However, it was a horrible feeling, to regard myself succumbing to the very systems of control I so adamantly opposed. I had to remind myself that it’s a choice. You’re no less or more of a feminist for shaving, or not shaving for that matter. But to me, it felt like a concession. It’s a work in progress, and I look forward to confronting all those feelings again in the future but, for now, I’m choosing the path of least resistance.
I spoke to my friend, Sara-Lily, about her experience of being a woman of colour with body hair. She told me, “When I first started seeing white women spearheading the body hair movement, and building influencer careers from it, it was kind of shit. Of course, I understand there’s a lot of work you have to do to overcome the internalised criticism surrounding body hair, and that’s difficult for everyone no matter how light of fair your hair is. But seeing interviews in magazines, with them lifting their arms and showing their 5 strands of golden hair, it just feels like this movement isn’t for me. I can’t hide it, I can’t make my hair unnoticeable, you can see it from far away even when I’m not wearing a vest top. With white women, its important to keep in mind that women of colour, who grow their hair, are fighting against so much more societal disgust and distain in general. A lot of the time, models and influencers who are white have everything else in their favour. So people are like, “Well, I can deal with this one little thing.” If you’re not blonde and skinny and conventionally attractive, you’re already seen as gross.”
Sara-Lily, who I have always seen as an effortlessly confident woman, explains to me that it has been a fraught journey. She has had to deal with partners, acquaintances and peers talking about her hair behind her back and calling her gross and unattractive – (for what it’s worth, entirely untrue). Even though she knows she doesn’t want to associate with these people, it still sucks. Despite growing her hair from the age of fifteen, she has shaved a couple times since then, saying, “I just wanted to feel normal.” This speaks to how women of colour know this idea of “normal” is, at once, a fallacy and something that categorically does not include them. You can shave, and you still wont be “normal.” Being told you’re ‘unacceptable’ for your body hair becomes merely the articulation of something much larger, much closer to the bone.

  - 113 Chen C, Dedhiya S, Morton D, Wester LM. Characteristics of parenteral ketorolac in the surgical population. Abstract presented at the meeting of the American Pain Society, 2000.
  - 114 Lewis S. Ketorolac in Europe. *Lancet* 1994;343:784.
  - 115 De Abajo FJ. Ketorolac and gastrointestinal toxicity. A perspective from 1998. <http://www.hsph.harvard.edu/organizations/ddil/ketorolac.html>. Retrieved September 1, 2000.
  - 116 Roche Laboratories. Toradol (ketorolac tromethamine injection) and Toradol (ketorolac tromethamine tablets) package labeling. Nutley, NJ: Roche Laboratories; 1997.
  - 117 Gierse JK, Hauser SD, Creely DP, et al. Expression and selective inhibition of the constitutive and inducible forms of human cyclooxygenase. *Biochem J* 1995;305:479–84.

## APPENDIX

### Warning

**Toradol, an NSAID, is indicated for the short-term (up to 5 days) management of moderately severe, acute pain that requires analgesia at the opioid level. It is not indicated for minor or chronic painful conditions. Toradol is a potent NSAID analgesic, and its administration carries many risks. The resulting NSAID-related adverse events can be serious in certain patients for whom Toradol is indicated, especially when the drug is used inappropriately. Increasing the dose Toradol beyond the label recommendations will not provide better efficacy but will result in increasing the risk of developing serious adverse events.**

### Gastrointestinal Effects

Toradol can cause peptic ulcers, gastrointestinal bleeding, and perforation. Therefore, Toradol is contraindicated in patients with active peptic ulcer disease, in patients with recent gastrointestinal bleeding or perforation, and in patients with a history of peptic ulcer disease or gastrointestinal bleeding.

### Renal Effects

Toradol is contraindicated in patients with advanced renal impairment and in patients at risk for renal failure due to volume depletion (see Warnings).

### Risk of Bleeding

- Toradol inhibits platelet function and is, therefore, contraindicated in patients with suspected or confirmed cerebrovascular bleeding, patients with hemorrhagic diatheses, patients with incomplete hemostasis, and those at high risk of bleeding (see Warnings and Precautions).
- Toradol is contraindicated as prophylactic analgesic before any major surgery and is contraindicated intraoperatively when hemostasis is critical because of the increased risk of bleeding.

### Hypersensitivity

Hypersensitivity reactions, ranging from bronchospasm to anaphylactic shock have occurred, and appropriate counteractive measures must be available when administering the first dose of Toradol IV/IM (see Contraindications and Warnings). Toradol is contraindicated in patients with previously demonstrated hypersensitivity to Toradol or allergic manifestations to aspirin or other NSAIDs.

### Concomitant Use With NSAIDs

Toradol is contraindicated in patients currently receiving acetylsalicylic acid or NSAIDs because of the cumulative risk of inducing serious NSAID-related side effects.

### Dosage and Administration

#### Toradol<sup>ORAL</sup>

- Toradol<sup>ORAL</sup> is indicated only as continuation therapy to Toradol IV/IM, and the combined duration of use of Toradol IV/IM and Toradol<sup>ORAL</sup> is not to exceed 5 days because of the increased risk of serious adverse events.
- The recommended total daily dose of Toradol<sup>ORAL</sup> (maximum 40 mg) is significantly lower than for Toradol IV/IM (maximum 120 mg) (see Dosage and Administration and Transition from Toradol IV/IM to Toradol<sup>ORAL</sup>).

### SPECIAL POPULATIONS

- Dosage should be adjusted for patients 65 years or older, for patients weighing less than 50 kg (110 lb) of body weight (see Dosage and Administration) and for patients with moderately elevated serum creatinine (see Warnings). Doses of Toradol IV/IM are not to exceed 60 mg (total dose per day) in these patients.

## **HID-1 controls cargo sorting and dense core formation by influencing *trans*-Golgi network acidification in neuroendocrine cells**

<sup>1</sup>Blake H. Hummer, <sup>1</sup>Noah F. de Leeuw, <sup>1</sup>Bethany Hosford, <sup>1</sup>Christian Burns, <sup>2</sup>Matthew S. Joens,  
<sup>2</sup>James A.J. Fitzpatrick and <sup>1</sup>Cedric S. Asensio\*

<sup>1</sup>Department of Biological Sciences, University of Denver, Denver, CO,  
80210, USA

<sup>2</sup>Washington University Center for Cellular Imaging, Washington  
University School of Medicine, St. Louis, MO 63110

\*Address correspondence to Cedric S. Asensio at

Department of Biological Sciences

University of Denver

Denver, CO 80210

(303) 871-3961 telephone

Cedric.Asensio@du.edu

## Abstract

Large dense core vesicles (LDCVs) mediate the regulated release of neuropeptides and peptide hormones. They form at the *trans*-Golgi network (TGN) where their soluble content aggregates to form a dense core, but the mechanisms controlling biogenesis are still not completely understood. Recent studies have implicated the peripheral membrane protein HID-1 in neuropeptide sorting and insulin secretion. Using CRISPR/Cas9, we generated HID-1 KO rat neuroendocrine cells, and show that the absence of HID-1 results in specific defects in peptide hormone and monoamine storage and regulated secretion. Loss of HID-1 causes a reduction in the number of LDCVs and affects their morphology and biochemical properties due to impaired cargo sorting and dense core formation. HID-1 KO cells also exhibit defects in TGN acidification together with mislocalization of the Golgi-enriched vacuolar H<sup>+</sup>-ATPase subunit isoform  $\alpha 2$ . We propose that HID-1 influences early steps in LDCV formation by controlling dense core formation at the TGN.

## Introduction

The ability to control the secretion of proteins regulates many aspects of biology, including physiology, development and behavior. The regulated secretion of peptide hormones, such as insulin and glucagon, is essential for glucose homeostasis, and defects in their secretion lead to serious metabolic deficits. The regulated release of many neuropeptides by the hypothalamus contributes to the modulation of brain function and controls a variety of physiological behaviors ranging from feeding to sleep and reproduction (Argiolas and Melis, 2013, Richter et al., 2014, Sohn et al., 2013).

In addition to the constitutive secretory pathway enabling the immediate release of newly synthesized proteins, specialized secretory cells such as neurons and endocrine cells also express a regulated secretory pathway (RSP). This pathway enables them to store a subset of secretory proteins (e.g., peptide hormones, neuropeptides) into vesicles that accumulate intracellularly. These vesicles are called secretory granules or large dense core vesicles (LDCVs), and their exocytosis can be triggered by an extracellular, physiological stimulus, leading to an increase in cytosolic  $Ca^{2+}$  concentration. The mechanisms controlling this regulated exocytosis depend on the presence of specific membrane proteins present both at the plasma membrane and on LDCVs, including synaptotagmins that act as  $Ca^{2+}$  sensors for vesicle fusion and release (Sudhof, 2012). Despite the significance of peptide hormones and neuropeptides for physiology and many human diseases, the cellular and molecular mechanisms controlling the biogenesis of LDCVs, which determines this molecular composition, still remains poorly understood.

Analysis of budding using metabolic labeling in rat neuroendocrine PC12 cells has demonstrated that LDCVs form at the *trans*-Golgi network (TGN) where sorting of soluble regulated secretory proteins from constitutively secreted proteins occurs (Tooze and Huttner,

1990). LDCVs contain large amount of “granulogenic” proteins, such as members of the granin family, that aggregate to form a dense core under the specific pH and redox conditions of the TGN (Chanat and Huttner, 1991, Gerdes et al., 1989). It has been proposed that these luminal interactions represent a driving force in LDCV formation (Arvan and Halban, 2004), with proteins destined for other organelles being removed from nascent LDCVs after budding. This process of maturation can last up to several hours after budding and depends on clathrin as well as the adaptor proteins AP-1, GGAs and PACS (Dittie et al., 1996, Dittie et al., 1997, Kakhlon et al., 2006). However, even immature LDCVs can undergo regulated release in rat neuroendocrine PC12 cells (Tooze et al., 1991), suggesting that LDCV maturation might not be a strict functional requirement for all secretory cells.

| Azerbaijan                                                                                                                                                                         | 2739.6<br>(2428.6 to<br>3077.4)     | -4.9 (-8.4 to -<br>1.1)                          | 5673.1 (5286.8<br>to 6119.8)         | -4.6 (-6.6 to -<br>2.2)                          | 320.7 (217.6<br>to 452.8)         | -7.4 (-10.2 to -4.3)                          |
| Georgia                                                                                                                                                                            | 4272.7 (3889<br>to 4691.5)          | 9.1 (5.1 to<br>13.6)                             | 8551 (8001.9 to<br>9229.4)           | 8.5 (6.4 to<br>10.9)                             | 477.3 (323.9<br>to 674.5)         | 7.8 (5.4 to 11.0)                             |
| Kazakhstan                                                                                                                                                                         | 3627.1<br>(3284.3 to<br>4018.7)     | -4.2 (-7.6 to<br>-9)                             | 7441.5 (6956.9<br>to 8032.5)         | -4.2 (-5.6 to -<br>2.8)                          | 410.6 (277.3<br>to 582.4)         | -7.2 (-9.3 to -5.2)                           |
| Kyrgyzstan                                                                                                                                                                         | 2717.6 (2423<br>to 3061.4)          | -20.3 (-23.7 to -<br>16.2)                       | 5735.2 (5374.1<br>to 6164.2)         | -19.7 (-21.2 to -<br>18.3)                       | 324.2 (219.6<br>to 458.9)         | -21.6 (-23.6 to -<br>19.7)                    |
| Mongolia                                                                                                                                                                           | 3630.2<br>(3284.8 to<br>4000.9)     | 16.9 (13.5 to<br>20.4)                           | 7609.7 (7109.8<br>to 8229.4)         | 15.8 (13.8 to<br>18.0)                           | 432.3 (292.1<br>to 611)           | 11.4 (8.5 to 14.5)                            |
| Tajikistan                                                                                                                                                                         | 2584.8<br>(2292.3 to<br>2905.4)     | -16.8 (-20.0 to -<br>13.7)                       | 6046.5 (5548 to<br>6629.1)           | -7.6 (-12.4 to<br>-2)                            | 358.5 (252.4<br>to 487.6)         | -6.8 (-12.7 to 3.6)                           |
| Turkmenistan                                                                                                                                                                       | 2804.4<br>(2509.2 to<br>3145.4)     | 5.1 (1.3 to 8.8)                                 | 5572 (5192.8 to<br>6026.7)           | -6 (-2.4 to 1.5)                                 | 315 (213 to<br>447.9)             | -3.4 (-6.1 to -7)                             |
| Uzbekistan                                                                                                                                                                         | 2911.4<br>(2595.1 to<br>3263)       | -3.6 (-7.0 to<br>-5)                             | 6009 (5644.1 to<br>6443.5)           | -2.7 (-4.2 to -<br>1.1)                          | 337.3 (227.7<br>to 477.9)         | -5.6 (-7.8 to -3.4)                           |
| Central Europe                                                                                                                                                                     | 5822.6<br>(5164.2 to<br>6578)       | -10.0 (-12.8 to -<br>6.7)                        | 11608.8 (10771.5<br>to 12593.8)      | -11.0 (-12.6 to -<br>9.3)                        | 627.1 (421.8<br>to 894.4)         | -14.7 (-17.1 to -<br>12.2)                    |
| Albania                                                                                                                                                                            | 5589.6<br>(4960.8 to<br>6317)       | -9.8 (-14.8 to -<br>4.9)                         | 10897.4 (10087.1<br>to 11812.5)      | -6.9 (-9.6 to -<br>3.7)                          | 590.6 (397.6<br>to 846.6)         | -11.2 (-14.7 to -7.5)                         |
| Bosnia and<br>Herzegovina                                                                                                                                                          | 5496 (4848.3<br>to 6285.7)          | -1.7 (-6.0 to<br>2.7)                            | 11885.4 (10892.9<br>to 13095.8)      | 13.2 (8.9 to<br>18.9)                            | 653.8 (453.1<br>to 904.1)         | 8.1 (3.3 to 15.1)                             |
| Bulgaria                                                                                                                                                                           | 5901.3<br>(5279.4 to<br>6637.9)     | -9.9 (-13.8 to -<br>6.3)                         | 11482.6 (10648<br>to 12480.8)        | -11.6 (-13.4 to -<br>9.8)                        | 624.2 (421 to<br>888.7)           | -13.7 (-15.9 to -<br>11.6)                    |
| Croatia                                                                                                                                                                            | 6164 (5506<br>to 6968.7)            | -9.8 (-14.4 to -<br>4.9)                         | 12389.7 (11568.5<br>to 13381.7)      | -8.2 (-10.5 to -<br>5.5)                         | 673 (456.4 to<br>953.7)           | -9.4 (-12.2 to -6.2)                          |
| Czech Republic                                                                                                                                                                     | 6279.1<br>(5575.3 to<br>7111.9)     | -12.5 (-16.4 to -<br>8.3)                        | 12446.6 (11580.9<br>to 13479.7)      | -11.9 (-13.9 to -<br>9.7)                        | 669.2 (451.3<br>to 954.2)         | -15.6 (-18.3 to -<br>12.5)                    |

So, thinking about Sophia and her unibrow, I can see the positives in her self-acceptance and I can also understand how painful it is to see her fronting this campaign. Yes, it is difficult for hairy white women and, as Sophia says, Greek women have their own unique experience with body hair. They should embrace every hair on their body and, if they can help anyone crying over wax strips, that’s nothing but a good thing. Every person on this planet deserves to love themselves, and while women are still judged as consumer products, that remains a radical act. However, it is worth remembering that it is more than skin-deep for women of colour, and it does not erase Sophia’s achievements to accept that.
The pure exposure of showing body hair, on a white woman, does not automatically elevate minority communities. On the contrary, it shows POCs that their bodies are too dissenting, too dirty, too out-there, too Other to be showcased like we showcase whiteness. If we erase bodies of colour from the conversation, and assume body hair is an equalising factor, we succumb to the mythic balm of a post-racial world and allow the imbalances, rife in the industry, to persist. In my ideal world, white influencers would not shy away from recognising that their whiteness has expedited their success, especially when their messages of empowerment ripple into insecurity for POCs. But even still, that would not change an industry that rests on selling whiteness to itself, and teaches minorities that they are either too difficult to celebrate or are nothing more than a prop. So the question is not why has Sophia taken up space, but why is her story easier to sell?